For more than 15 years within the international labor movement, I focused on environmentalism. I am now a program director at Greenpeace International. During my journey, with one foot in each of these two movements, we have seen huge changes.
We have all seen workers fight against them, challenging their hypocritical employers, forming unions and, with renewed energy, asserting their right to decent work, protection and a voice in their workplace, their sector and their countries. But what I’ve had the privilege of seeing and working on is just as exciting.
When I became involved in environmental talks, there was a deep-rooted perception among unions that unless certain social conditions were met, climate action would have to be delayed, as if the fight against climate change were a bit more for a rich and pacified society.
At the same time, the environmental movement tends to think that trying to address social inequalities or address job losses would be a waste of precious time. Instead, a dripping idea prevailed that climate ambition could be driven exclusively by governments if they followed science.
But times change.
Now there is hardly any union on this planet that thinks we can delay action against climate change. And there are good reasons for this change in thinking.
First, climate change is already affecting income and livelihoods. Supply chains are already vulnerable. Workers in sectors such as agriculture, health and construction are in increasingly precarious situations, aggravated by climate impacts.
Second, young people have mobilized on the climate, adopted it as their generational struggle and demanded that the unions accompany them.
And third, there is now a much stronger set of proposals for a fair transition, including policies to support regions and workers, strong social protections, and a much higher level of ambition for industrial policy. green.
The green movement has also changed. There is a growing recognition that there can be no environmental justice without social justice. The challenges we face are complex, as they involve multiple crises and forms of oppression that intersect. The better equipped we are to deal with the underlying power systems, the more likely we are to win.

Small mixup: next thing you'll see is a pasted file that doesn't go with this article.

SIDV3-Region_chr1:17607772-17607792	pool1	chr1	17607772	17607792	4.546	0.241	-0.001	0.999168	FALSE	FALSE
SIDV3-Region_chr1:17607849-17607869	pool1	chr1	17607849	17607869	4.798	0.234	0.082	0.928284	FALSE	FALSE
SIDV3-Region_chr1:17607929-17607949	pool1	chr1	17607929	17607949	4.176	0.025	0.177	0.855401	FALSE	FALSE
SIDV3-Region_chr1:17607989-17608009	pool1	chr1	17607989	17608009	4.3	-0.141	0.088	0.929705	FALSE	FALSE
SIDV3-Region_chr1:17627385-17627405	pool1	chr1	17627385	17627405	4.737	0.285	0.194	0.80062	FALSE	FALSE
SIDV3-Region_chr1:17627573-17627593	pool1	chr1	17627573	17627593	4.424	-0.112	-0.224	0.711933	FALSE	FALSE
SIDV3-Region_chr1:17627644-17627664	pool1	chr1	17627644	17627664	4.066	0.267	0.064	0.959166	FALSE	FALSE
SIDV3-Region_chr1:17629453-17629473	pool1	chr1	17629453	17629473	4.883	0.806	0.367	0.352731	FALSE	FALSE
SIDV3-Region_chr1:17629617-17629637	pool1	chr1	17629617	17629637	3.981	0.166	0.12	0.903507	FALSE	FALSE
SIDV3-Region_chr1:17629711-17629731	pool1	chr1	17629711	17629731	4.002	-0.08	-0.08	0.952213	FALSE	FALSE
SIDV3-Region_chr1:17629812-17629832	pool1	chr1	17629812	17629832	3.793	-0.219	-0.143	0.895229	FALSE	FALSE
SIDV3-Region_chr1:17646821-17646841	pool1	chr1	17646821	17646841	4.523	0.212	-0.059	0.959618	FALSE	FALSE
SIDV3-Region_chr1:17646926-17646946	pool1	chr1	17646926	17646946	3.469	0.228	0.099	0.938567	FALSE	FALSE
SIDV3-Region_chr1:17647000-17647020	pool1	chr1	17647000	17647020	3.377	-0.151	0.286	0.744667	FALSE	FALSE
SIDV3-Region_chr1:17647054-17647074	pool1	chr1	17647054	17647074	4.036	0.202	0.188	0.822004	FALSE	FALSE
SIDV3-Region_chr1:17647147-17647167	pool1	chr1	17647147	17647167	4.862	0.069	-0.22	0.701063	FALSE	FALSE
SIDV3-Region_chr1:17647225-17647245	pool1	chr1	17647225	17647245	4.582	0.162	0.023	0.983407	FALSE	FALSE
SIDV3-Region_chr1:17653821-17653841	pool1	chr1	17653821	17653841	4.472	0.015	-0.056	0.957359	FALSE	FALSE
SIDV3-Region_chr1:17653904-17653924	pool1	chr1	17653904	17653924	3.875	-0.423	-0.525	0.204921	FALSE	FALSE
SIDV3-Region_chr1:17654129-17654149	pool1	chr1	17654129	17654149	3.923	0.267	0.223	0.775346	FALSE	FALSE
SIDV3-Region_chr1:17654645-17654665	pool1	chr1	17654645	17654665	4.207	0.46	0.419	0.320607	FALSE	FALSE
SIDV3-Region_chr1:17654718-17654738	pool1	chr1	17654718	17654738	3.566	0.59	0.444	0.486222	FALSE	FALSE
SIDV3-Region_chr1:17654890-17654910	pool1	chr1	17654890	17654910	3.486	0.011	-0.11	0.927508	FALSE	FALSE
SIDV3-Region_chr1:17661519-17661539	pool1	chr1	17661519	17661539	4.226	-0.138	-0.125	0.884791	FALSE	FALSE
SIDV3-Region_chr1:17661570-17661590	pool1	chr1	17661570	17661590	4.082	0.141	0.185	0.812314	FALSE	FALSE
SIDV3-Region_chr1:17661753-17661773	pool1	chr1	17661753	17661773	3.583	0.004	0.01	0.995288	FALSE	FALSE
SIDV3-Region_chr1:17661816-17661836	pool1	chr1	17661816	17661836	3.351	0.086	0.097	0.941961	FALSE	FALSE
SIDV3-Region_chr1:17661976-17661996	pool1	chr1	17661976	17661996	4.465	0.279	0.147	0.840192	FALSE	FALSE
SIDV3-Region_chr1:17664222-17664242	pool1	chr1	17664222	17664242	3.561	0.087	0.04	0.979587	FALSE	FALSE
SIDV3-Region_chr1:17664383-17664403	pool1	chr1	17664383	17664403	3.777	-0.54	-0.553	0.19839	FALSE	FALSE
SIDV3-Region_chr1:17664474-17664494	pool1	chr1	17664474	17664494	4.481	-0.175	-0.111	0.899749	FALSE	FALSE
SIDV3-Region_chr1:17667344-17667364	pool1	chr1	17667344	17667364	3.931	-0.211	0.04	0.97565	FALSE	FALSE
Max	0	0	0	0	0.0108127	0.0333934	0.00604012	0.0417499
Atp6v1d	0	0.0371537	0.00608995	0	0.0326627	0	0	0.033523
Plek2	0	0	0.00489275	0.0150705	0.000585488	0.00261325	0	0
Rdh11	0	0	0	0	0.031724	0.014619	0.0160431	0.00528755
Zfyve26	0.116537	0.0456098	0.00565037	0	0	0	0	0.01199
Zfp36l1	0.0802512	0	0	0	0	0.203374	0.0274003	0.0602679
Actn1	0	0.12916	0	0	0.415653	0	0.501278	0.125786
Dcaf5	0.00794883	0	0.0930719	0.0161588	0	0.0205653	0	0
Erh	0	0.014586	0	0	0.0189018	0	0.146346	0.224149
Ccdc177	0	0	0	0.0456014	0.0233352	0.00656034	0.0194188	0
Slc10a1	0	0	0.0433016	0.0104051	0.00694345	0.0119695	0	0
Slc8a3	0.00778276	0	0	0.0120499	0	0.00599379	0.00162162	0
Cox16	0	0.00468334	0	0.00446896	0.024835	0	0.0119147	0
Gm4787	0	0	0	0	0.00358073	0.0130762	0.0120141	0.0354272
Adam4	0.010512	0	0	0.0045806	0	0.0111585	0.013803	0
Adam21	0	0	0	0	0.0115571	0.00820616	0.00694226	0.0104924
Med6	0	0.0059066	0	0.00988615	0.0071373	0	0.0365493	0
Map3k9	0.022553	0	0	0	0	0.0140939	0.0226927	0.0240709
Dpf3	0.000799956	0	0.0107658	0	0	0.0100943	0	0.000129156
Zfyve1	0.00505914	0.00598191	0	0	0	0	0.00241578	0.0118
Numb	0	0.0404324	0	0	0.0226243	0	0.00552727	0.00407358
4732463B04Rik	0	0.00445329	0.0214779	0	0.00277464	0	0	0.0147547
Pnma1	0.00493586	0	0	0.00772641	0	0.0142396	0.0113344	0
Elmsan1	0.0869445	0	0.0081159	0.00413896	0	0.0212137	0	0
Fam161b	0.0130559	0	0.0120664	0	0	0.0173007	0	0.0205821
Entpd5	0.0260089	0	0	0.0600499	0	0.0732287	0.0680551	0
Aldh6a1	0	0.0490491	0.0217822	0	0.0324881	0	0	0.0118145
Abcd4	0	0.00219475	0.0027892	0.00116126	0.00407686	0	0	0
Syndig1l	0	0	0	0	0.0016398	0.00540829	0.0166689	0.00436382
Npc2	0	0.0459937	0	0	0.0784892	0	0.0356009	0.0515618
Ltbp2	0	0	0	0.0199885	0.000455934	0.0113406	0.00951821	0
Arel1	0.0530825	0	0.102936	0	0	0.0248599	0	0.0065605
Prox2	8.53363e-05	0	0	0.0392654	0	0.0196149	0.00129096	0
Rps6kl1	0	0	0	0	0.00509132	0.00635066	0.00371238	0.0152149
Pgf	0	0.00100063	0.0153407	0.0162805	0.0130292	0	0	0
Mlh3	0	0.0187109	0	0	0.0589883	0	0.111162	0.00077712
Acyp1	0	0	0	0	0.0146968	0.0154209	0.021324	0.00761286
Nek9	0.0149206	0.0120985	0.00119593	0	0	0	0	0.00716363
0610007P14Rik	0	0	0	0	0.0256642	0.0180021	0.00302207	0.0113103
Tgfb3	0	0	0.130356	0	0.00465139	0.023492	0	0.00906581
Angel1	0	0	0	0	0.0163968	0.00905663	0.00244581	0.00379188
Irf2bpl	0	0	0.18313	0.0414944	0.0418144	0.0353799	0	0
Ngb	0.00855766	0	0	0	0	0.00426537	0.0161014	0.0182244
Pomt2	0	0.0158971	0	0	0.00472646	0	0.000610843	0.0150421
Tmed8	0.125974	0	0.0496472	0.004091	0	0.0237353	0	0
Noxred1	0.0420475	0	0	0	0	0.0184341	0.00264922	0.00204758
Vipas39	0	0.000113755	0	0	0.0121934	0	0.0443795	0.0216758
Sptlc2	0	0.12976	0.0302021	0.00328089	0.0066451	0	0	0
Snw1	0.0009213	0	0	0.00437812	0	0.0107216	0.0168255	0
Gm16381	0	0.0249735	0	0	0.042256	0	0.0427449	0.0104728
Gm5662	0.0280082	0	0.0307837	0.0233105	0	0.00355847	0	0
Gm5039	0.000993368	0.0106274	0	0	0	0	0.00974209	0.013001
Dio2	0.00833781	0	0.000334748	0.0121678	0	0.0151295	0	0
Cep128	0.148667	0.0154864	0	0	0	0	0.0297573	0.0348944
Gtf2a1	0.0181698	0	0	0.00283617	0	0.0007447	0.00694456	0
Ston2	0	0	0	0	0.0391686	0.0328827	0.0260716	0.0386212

As part of that, we need to take power away from those who want to stop positive change. That means taking on some of the richest people and companies in the world. Let us not be naive, our opponents will not hesitate to manipulate workers and people in more vulnerable situations to protect their own privileges.
We know that there is no way to reach the levels of climate ambition we need without massive public support. We need to connect with hearts and minds. That means a commitment to listening to people, even when it’s hard. This challenge is even more essential when people’s livelihoods depend on grossly declining gross industries.
Thus, there has been a change in binary and artificial opposition between protecting jobs and protecting the environment, towards a dialogue on how we overcome tensions and the dynamism generated by a transformation of this magnitude. . Together we can forge a future with fulfilling lives and a habitable planet.
At Greenpeace, we see the struggle for this future as one more chapter in the history these workers have written for decades. We all dream of a more sustainable future, so we organize and maintain the level of stubborn resistance and optimism. This is the spirit of the historical workers’ struggle: never give up.
Returning to the awareness of the COVID-19 pandemic, we need this spirit more than ever.
Together, we must leave behind this absurd inertia that prioritizes greed, profit, and competition to the detriment of all of us. That is why those who are convinced of the need to protect our global home must join the workers in their call for the just transition we all need, where people and the planet are at the center of decisions.
The views expressed in this article are those of the author and do not necessarily reflect the editorial stance of Al Jazeera.